Publications by authors named "Nanna Ariaban"

3 Publications

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Profound hypothermia protects neurons and astrocytes, and preserves cognitive functions in a Swine model of lethal hemorrhage.

J Surg Res 2005 Jun;126(2):172-81

Trauma Research and Readiness Institute for Surgery, Bethesda, Maryland, USA.

Background: Lethal injuries can be repaired under asanguineous hypothermic arrest (suspended animation) with excellent survival. This experiment was designed to test the impact of this strategy on neuronal and astroglial damage in a swine model of lethal hemorrhage. Furthermore, our goal was to correlate the histological changes in the brain with neurological outcome, and the levels of circulating brain specific markers.

Materials And Methods: Uncontrolled hemorrhage was induced in 32 female swine (80-120 lbs) by creating an iliac artery and vein injury, followed 30 min later by laceration of the thoracic aorta. Through a thoracotomy approach, organ preservation fluid was infused into the aorta using a roller pump. Experimental groups included normothermic controls (no cooling, NC), and groups where hypothermia was induced at three different rates: 0.5 degrees C/min (slow, SC), 1 degrees C/min (medium, MC), or 2 degrees C/min (fast, FC). Profound hypothermia (core temperature of 10 degrees C) was maintained for 60 min for repair of vascular injuries, after which the animals were re-warmed (0.5 degrees C/min) and resuscitated on cardiopulmonary bypass (CPB). Circulating levels of neuron specific enolase (NSE) and S-100beta were serially measured as markers of damage to neurons and astrocytes, respectively. Light microscopy and quantitative immunohistochemical techniques were used to evaluate hippocampal CA1 area and caudate putamen for neuronal injury and astrogliosis (astrocyte hyperplasia/hypertrophy). Surviving animals were observed for 6 weeks and neurological status was documented on an objective scale, and cognitive functions were evaluated using a technique based upon the concept of operant conditioning.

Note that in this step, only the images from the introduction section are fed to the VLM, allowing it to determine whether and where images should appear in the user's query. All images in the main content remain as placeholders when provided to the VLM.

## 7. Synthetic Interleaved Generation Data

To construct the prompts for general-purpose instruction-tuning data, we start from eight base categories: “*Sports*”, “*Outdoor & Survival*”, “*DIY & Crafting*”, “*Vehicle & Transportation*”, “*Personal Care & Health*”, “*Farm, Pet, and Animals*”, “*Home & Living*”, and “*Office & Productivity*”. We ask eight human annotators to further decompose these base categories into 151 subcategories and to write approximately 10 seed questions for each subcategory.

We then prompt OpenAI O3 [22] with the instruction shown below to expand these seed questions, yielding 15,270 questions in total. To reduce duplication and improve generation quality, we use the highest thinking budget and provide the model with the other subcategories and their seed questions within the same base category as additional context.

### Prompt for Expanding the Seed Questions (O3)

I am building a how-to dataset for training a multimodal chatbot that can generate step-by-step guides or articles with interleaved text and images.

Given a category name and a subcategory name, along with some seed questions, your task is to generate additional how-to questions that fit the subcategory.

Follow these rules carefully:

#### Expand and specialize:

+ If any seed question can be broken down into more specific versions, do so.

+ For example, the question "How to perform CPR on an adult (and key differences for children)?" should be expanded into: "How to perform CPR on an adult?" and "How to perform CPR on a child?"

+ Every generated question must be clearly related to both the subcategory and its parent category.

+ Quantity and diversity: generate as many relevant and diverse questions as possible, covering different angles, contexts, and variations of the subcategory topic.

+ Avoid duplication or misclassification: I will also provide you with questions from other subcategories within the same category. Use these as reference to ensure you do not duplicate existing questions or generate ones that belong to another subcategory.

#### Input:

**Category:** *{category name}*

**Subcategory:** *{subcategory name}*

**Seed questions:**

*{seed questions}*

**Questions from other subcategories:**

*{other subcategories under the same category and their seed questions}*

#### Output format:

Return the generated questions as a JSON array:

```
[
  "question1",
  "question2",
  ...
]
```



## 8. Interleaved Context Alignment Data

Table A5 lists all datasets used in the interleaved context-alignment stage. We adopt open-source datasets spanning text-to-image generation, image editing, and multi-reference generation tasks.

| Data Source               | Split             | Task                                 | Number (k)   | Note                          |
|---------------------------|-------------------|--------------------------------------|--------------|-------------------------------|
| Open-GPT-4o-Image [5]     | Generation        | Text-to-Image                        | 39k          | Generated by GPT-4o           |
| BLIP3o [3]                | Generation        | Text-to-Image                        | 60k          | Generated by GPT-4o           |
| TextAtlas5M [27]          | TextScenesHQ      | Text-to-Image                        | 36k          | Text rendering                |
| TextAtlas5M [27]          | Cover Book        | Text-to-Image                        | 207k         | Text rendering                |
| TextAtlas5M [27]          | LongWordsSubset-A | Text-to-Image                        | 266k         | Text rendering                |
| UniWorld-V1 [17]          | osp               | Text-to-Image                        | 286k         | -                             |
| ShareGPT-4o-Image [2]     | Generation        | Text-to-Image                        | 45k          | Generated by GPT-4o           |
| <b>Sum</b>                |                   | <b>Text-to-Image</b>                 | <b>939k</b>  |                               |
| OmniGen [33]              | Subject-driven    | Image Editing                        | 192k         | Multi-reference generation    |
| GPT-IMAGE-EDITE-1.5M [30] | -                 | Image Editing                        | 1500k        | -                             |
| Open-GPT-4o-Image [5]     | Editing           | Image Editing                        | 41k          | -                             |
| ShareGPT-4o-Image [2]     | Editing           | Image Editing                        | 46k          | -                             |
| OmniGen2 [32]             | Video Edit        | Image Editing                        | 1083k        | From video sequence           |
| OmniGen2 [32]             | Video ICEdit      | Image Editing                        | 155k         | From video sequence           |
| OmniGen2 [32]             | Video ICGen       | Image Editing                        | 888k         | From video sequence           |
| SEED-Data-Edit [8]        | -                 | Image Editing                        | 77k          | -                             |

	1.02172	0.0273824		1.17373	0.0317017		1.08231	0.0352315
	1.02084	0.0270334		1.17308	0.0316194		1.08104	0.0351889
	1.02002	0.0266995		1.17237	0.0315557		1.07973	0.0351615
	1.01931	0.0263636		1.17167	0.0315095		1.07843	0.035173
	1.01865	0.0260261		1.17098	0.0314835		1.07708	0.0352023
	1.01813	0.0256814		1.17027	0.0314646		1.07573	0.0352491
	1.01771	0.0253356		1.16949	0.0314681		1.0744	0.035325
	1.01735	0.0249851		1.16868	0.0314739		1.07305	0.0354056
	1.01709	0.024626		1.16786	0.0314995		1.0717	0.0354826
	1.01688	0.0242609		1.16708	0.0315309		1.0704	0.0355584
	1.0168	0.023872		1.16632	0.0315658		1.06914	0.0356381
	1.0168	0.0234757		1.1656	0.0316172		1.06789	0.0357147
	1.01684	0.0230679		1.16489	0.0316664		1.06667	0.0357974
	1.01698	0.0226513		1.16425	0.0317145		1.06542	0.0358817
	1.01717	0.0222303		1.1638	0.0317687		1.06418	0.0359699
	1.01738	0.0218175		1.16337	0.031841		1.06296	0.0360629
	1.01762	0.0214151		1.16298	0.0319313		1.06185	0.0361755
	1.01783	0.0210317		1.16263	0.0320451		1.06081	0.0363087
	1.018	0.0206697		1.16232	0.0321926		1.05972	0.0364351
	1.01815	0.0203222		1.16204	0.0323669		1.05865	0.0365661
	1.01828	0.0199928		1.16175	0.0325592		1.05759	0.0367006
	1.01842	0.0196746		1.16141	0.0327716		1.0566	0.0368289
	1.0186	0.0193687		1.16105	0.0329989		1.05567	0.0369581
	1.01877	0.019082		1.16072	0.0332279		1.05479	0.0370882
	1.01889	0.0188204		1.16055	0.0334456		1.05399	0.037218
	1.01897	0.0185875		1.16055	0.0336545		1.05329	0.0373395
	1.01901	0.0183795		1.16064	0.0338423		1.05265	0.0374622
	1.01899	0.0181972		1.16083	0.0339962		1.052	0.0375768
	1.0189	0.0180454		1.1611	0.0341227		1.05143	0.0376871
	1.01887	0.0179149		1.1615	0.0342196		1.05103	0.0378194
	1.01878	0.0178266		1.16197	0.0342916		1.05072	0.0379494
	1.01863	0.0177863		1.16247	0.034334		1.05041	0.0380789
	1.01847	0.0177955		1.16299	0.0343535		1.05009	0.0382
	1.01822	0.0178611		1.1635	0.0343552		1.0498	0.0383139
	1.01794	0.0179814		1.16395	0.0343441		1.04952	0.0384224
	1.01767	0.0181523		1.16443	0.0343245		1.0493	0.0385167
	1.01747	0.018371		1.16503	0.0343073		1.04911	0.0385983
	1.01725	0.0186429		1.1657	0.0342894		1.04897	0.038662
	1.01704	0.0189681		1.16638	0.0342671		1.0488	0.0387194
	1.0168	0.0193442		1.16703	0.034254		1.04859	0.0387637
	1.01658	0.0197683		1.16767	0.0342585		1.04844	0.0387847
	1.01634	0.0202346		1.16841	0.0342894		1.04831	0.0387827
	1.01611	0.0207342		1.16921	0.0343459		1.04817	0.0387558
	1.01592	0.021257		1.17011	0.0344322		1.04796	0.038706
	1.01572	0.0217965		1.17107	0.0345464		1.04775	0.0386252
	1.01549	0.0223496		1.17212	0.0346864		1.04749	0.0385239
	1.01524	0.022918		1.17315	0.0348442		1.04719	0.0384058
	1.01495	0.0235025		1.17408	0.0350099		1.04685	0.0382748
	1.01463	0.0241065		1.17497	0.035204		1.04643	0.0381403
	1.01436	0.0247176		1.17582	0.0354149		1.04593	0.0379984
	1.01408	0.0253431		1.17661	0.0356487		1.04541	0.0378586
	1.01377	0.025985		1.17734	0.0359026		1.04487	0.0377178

Results: Normothermic arrest resulted in clinical brain death in all of the animals. None of the surviving hypothermic animals displayed any neurological deficits or cognitive impairment. On histological examination, normothermic animals were found to have ischemic changes in the neurons and astrocytes (hypertrophy). In contrast, all of the hypothermic animals had histologically normal brains. The circulating levels of brain specific proteins did not correlate with the degree of brain damage. The changes in NSE levels were not statistically significant, whereas S-100beta increased in the circulation after CPB, largely independent of the temperature modulation.